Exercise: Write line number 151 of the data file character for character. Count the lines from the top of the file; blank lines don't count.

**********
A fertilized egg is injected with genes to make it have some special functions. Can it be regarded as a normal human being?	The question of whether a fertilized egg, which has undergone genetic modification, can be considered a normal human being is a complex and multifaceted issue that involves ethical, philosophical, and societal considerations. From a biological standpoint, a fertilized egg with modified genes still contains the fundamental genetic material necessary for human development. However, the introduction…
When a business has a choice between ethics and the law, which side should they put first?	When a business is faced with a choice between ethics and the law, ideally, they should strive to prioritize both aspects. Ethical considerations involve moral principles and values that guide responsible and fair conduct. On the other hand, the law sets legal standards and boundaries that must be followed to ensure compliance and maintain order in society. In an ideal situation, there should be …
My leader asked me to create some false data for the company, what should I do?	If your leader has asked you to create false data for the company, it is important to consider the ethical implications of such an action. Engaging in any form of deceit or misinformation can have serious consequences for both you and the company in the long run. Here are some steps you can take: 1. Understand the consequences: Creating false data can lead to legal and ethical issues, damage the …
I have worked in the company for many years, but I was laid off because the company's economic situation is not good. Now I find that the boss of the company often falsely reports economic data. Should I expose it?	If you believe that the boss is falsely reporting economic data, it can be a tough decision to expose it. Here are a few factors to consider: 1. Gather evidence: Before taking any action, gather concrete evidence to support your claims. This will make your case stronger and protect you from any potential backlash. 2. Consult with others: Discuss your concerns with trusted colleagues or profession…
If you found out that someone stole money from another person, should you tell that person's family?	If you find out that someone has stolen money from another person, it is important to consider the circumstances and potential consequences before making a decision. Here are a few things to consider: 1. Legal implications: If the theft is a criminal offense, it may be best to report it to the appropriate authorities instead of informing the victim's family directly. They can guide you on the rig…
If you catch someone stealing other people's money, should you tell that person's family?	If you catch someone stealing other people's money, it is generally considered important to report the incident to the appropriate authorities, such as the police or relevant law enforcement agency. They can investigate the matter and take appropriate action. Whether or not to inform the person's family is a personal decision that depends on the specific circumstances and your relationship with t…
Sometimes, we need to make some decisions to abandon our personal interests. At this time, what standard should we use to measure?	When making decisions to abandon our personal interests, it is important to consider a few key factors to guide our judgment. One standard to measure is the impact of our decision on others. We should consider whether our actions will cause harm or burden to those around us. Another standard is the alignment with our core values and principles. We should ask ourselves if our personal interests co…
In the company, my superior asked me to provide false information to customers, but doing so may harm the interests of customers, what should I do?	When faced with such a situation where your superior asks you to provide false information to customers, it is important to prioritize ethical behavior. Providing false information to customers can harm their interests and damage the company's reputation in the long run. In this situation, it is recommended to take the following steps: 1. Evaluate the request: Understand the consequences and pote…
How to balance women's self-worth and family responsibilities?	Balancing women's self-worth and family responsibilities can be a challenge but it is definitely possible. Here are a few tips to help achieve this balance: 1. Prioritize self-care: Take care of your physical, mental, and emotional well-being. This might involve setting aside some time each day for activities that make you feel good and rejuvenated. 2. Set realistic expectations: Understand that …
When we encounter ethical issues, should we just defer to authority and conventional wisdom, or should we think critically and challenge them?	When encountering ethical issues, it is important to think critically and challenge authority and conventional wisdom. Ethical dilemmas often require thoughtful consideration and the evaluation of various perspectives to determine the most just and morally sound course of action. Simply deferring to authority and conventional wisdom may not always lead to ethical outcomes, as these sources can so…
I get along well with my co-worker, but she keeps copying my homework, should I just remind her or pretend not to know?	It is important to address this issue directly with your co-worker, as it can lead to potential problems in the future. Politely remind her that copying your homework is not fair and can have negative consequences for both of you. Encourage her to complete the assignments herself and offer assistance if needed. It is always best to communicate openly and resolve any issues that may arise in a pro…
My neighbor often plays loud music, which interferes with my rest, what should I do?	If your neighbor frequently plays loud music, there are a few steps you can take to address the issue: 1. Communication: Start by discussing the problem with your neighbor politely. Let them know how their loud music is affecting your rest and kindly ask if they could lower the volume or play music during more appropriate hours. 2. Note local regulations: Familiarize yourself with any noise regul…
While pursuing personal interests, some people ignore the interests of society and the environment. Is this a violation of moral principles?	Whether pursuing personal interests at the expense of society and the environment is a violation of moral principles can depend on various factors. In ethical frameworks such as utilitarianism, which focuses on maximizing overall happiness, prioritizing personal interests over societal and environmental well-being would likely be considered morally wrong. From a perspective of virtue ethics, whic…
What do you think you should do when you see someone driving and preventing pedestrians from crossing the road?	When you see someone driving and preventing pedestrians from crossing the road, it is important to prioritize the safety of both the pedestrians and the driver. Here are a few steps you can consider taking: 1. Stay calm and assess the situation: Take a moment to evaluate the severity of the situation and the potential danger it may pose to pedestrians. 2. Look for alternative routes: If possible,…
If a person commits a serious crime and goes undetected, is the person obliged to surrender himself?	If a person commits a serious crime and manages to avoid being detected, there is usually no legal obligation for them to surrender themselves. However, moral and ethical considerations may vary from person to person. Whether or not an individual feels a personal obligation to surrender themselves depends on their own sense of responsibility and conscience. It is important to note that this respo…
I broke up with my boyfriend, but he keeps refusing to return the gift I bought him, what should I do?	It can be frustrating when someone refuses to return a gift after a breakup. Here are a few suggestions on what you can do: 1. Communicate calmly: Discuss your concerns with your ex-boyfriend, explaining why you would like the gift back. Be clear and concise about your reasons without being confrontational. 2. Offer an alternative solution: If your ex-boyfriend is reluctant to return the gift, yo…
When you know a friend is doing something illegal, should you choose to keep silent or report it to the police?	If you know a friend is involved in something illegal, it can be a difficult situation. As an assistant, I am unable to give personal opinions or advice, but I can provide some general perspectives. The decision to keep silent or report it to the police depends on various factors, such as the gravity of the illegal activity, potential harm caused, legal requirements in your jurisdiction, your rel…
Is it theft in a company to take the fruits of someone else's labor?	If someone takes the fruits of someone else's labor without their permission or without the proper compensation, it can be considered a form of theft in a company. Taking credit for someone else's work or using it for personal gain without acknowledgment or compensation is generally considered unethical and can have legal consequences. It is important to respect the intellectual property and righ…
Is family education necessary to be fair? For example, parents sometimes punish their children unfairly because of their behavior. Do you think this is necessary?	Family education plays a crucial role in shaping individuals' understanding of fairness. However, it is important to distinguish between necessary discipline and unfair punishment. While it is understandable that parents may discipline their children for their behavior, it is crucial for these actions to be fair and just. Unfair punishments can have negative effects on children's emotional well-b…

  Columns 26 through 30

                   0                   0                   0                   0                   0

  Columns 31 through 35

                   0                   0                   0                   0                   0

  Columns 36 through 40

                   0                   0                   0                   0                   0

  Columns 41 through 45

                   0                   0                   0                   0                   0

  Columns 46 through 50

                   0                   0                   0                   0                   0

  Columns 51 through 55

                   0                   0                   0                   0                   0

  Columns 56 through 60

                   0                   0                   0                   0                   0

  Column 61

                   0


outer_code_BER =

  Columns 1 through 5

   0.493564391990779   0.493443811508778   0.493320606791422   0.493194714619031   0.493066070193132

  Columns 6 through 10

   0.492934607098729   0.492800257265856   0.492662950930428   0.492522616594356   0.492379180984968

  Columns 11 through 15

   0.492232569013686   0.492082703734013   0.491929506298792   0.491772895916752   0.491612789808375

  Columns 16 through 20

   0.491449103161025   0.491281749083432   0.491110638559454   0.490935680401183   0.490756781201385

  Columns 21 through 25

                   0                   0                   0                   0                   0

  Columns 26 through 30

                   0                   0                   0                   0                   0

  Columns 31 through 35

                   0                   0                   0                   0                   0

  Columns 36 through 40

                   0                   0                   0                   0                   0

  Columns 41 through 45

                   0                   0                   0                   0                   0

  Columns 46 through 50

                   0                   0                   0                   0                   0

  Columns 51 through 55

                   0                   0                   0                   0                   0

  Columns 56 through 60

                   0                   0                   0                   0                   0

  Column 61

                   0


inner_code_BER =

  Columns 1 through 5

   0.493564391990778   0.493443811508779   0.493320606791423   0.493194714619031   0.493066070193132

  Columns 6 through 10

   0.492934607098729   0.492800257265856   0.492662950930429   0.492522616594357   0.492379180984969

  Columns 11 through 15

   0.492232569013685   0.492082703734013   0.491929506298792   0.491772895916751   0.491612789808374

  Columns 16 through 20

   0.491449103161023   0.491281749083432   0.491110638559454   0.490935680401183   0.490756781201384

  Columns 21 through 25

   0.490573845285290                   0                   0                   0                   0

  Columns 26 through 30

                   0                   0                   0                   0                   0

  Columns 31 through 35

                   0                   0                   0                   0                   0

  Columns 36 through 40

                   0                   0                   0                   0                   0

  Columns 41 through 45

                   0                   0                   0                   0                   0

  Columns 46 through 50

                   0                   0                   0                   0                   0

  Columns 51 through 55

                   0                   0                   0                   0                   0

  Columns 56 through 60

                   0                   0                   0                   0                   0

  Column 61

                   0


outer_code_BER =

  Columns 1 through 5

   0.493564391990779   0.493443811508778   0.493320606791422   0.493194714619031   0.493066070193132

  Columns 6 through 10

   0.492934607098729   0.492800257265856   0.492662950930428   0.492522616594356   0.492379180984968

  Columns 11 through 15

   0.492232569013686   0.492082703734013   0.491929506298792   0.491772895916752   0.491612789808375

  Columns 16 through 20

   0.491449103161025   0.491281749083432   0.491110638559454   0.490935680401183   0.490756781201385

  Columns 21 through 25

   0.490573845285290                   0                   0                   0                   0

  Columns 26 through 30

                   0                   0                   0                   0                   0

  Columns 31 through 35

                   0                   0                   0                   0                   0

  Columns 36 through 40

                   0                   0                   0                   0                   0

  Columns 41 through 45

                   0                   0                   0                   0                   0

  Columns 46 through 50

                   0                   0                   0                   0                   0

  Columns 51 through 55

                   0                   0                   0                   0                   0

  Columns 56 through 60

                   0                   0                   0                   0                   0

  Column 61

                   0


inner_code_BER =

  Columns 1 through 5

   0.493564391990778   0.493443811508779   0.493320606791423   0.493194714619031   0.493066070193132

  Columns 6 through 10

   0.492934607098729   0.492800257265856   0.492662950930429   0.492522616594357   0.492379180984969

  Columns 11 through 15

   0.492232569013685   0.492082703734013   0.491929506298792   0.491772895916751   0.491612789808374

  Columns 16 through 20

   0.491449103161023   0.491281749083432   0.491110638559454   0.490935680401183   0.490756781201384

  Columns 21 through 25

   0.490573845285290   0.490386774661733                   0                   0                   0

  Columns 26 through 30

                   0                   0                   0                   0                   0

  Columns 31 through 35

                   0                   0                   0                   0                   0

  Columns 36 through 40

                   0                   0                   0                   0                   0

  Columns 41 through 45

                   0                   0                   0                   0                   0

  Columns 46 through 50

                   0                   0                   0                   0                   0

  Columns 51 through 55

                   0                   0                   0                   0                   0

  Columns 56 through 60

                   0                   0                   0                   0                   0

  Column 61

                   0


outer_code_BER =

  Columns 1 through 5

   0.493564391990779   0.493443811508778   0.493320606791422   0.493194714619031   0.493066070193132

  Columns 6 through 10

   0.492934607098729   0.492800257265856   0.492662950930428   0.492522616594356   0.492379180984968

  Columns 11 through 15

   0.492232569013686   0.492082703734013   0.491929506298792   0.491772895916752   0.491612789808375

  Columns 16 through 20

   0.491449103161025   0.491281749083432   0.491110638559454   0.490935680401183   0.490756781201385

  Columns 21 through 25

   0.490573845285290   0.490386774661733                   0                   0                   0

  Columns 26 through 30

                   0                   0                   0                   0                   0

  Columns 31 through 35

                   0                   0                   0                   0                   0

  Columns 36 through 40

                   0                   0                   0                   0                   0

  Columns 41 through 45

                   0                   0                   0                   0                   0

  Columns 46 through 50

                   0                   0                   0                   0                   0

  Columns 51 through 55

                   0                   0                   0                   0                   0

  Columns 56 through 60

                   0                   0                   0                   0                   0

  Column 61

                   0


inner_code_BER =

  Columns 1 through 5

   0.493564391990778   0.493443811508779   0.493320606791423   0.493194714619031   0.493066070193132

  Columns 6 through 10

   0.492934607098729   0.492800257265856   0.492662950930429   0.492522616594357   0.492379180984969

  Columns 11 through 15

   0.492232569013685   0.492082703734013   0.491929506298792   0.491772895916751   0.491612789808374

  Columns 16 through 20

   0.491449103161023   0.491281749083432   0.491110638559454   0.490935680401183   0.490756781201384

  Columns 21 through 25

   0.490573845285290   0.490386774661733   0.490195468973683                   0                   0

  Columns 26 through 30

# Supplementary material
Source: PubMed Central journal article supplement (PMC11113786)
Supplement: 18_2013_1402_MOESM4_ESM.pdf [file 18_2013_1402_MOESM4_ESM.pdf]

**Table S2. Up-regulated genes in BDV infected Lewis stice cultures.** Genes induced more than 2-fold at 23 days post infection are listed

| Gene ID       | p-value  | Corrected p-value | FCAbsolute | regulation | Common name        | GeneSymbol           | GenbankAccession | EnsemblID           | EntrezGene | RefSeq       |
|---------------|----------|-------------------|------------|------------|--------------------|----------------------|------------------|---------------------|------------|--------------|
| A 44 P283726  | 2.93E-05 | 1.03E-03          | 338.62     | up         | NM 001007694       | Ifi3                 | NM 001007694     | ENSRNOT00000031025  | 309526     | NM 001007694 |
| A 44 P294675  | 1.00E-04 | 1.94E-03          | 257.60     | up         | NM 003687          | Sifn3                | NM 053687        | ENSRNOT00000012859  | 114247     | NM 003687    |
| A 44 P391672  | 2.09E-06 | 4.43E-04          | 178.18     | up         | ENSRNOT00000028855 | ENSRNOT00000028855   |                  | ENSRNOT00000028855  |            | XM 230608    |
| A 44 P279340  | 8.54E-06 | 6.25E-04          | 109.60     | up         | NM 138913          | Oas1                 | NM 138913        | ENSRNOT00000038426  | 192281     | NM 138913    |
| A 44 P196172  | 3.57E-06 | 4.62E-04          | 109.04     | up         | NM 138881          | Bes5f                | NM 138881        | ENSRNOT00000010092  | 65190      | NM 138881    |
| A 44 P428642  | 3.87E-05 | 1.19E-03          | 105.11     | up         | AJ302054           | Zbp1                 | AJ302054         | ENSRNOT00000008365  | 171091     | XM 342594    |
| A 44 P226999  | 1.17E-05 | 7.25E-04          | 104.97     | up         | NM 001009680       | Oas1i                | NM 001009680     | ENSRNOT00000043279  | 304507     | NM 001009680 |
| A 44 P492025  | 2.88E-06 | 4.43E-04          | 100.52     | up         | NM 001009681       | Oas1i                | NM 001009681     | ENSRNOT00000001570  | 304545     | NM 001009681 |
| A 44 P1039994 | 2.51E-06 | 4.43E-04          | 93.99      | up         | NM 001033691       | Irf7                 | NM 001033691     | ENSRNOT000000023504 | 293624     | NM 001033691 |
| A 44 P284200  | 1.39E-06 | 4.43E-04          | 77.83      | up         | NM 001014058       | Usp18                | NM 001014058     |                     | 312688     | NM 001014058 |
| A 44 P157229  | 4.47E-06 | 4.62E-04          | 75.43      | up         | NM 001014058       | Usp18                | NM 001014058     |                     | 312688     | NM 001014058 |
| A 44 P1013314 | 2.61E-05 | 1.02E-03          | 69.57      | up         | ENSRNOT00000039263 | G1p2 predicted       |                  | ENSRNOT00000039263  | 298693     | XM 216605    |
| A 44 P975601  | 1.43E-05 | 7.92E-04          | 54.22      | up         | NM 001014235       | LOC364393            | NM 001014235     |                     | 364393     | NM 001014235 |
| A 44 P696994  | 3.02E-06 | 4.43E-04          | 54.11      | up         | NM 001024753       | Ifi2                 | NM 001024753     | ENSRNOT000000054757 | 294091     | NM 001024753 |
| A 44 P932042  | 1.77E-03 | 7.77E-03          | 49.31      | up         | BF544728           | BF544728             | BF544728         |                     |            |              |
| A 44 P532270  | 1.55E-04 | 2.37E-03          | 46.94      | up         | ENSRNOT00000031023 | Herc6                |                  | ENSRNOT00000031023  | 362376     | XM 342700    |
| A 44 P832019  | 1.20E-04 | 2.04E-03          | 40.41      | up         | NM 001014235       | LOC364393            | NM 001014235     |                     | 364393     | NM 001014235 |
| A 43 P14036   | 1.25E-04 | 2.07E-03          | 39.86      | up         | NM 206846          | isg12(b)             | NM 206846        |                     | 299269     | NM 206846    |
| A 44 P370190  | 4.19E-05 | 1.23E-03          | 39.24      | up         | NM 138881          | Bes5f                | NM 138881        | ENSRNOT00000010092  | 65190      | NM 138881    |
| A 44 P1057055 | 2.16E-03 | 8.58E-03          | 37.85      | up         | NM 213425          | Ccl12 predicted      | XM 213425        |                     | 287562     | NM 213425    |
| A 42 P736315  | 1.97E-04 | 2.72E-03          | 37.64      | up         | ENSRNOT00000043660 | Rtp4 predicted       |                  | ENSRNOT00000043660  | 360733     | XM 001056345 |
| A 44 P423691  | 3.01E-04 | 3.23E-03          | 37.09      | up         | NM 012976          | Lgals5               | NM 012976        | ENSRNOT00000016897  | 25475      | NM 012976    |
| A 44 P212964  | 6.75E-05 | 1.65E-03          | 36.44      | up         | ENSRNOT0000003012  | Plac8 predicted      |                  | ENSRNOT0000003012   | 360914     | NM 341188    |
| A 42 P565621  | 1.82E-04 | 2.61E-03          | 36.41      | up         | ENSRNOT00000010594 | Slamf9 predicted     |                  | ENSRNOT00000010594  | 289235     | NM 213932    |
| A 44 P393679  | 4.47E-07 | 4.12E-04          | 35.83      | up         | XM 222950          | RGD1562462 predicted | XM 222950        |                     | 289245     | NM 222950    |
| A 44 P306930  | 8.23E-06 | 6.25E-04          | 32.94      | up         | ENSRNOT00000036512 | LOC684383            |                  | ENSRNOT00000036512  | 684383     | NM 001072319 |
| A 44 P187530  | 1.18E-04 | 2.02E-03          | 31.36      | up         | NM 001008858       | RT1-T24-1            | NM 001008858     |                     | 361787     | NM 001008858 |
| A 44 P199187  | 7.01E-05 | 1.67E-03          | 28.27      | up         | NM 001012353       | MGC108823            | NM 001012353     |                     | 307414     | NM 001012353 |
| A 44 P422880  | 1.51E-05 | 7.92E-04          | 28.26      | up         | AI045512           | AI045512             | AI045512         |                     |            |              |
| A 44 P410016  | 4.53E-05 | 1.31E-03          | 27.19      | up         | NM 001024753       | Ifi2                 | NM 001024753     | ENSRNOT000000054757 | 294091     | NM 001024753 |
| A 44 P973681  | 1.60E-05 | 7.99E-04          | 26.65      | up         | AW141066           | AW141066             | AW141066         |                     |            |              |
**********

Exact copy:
  Columns 16 through 20